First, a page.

OPEC crude production in January remained in line with December production levels and below 30.0mmb/d according to the technical press (Figure 1). Libyan production is seen to have doubled, to around 500kb/d, following the re-start of the 350kb/d El Sharara field in early January which was shut down after worker protests and general unrest. However, OPEC crude production was checked by reduced Iraqi production, while Algerian and Angolan volumes are also seen to have eased lower. Saudi production is estimated to have dropped slightly on reduced domestic demand, while exports are also said to have been lower in January.
Iran and the IAEA have reached agreement on seven further measures to be implemented by 15 May 2014 as part of the programme agreed last November to resolve the ‘outstanding issues’, it was announced on Sunday. These measures include providing the IAEA with information and explanations relating to detonators but do not include access to the Parchin site. While these developments demonstrate continuing progress on resolving the Iranian nuclear issue, many further issues remain outstanding, suggesting that achieving a comprehensive settlement by the 20 July deadline of the initial agreement is likely to prove highly challenging, in our view.
Net managed money futures and options positions on the ICE in Brent, regarded as the most directionally driven speculative category, dropped 14.2% or 13,995 positions in the week ended 28 January. That was more than enough to reverse the rise in speculative net longs in the previous two weeks to take the metric to 84,276 positions, the lowest since mid-November 2012 (Figure 2). Over that period, Brent closed down USD 1.63/bbl (-1.5%) WoW to USD 105.78/bbl.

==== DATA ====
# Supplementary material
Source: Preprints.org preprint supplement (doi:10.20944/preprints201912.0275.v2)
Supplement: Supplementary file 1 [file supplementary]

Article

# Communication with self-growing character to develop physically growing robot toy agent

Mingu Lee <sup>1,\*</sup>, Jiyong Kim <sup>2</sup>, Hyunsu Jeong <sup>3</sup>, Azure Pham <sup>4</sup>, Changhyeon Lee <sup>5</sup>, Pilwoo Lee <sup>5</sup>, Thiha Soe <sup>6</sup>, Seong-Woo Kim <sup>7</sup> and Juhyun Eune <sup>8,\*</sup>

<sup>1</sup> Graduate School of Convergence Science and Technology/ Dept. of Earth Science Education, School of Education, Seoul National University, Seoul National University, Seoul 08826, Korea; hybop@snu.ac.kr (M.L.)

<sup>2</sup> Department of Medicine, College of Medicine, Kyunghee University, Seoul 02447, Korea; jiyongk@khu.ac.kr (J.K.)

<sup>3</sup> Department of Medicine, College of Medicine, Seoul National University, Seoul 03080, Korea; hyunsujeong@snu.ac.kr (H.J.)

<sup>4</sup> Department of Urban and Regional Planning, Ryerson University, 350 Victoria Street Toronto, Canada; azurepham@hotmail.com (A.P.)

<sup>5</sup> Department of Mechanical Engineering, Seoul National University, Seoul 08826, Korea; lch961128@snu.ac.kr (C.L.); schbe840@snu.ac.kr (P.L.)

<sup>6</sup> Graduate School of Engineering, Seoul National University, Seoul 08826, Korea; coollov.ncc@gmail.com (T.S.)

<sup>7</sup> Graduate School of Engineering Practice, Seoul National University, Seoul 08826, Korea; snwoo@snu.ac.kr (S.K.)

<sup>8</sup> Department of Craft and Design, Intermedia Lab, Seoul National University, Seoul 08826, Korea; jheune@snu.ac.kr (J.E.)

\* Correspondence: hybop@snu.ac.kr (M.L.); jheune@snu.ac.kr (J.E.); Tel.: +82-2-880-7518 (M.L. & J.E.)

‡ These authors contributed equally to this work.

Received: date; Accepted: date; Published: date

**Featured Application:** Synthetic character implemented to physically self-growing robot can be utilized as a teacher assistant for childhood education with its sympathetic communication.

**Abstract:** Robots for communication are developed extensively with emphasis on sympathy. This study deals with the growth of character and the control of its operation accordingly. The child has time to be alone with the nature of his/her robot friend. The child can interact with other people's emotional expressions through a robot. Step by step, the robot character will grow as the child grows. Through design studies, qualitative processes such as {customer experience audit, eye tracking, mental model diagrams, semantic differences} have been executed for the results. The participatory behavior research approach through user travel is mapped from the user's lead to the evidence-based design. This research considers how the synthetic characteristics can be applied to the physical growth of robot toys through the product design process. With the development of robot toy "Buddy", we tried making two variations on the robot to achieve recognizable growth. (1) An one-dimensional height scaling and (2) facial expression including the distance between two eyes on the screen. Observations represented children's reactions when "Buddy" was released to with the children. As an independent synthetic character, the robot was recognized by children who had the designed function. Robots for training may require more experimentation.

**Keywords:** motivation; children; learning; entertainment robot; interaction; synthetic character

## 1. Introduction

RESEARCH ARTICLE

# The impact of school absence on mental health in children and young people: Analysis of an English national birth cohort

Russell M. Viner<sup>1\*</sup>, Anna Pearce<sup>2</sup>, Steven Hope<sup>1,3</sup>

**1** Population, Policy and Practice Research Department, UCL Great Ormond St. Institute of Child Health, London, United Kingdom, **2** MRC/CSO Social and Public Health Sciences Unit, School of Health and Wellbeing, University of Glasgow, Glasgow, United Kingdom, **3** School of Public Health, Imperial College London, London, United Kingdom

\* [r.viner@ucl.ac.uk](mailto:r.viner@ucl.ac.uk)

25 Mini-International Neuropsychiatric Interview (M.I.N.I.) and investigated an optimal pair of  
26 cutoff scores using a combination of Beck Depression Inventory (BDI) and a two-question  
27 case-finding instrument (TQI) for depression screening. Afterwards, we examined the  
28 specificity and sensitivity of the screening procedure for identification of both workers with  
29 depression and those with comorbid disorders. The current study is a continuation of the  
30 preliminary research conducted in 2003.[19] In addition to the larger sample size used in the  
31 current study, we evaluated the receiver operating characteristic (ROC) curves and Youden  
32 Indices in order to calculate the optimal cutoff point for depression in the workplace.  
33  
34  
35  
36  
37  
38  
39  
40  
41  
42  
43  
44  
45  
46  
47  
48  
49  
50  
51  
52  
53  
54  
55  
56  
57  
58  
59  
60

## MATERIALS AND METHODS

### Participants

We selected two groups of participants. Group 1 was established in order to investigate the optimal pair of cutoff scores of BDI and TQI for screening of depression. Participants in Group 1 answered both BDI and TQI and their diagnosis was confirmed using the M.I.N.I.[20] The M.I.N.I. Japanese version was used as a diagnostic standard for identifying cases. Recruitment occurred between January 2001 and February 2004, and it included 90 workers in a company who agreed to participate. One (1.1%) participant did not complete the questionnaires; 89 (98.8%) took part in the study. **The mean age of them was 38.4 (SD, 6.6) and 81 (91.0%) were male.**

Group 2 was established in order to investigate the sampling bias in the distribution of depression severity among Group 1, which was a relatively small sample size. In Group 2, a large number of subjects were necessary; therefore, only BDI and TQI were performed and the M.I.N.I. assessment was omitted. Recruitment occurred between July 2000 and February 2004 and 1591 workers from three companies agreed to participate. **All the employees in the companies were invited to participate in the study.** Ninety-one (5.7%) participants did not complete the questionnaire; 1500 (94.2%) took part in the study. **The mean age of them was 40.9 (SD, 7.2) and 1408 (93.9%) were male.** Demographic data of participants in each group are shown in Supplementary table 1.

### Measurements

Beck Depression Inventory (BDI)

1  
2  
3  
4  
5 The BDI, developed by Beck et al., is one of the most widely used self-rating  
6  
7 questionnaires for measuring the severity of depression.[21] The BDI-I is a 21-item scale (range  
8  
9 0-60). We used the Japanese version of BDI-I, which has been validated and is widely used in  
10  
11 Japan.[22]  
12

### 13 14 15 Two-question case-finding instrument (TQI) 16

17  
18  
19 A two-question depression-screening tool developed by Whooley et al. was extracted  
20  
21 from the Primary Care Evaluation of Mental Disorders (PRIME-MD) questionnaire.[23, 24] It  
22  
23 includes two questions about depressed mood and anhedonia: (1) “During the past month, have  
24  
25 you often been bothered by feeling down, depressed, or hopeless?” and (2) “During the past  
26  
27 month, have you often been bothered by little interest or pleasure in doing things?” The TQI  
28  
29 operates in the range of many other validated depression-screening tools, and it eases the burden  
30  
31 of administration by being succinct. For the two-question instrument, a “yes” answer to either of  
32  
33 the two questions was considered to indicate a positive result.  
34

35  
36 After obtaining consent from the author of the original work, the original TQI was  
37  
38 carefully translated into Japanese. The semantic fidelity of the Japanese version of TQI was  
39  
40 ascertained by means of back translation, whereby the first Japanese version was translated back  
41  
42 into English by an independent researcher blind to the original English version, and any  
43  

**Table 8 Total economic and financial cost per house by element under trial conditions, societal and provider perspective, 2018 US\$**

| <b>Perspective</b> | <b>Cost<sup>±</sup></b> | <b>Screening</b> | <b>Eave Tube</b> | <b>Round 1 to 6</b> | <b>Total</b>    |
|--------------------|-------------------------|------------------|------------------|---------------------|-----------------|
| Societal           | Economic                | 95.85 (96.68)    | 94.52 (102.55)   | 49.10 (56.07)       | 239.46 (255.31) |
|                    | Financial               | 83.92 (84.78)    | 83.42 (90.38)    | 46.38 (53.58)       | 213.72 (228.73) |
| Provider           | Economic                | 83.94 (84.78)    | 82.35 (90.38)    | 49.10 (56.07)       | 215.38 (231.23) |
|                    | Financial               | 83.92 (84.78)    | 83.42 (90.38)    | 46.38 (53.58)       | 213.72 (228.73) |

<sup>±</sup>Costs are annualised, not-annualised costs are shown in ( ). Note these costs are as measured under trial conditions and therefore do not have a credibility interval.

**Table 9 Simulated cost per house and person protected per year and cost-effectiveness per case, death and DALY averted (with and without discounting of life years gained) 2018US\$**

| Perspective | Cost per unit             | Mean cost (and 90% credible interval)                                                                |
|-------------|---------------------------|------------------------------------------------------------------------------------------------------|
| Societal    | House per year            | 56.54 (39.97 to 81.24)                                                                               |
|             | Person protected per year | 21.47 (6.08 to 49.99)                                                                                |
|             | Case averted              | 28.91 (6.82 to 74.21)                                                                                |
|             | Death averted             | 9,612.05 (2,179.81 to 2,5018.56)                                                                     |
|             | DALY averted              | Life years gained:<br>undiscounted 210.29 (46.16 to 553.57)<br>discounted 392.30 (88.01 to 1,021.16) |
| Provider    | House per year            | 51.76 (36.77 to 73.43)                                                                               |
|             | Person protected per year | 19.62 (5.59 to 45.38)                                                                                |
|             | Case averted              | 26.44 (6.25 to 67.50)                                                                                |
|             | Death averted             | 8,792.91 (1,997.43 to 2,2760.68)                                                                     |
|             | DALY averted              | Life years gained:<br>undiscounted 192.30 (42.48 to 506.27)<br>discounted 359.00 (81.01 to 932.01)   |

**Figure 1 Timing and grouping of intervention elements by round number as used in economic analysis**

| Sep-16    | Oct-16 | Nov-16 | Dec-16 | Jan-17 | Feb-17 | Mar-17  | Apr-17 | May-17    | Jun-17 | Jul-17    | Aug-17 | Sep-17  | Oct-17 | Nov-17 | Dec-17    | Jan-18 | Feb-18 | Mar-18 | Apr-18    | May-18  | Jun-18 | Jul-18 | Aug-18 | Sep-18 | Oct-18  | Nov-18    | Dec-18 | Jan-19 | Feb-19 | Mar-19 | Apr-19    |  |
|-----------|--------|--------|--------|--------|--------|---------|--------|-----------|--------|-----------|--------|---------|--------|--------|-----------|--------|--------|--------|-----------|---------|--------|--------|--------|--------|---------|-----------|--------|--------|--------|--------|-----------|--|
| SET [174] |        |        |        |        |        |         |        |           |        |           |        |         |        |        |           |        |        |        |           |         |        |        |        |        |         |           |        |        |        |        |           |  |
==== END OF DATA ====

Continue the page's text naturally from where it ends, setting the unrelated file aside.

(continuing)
On the other side of the Atlantic, net managed money futures and options positions on NYMEX in WTI rose 6.0%, or 15,649 positions to 275,931 positions, the highest since mid-September 2013. In that week, WTI dropped USD 0.22/bbl WoW to USD 97.19/bbl, leaving the WTI discount to Brent at USD 8.59/bbl. The narrowest since mid-October 2013. Since then, Brent and WTI have edged closer to USD 110/bbl and USD 100/bbl, respectively.
OPEC crude production in January appears to have come around the 29.8mmb/d ‘call on OPEC crude’ the IEA has in the January Oil Market Report (see IEA Data, of 22 January). Although it is only the start of the year, with Libyan production down again on further unrest (El Sharara output is reportedly down 40% following an attack on a key pipeline) and US production growth lacklustre in January (see EIA Data – No growth, of 6 February), the ability of OPEC (or Saudi Arabia) to manage output to balance the market, should that be required, is being made easier.
The EIA is scheduled to publish its Short-Term Energy Outlook today, while OPEC publishes its Monthly Oil Market Report tomorrow. The IEA is due to release its February Oil Market Report on Thursday.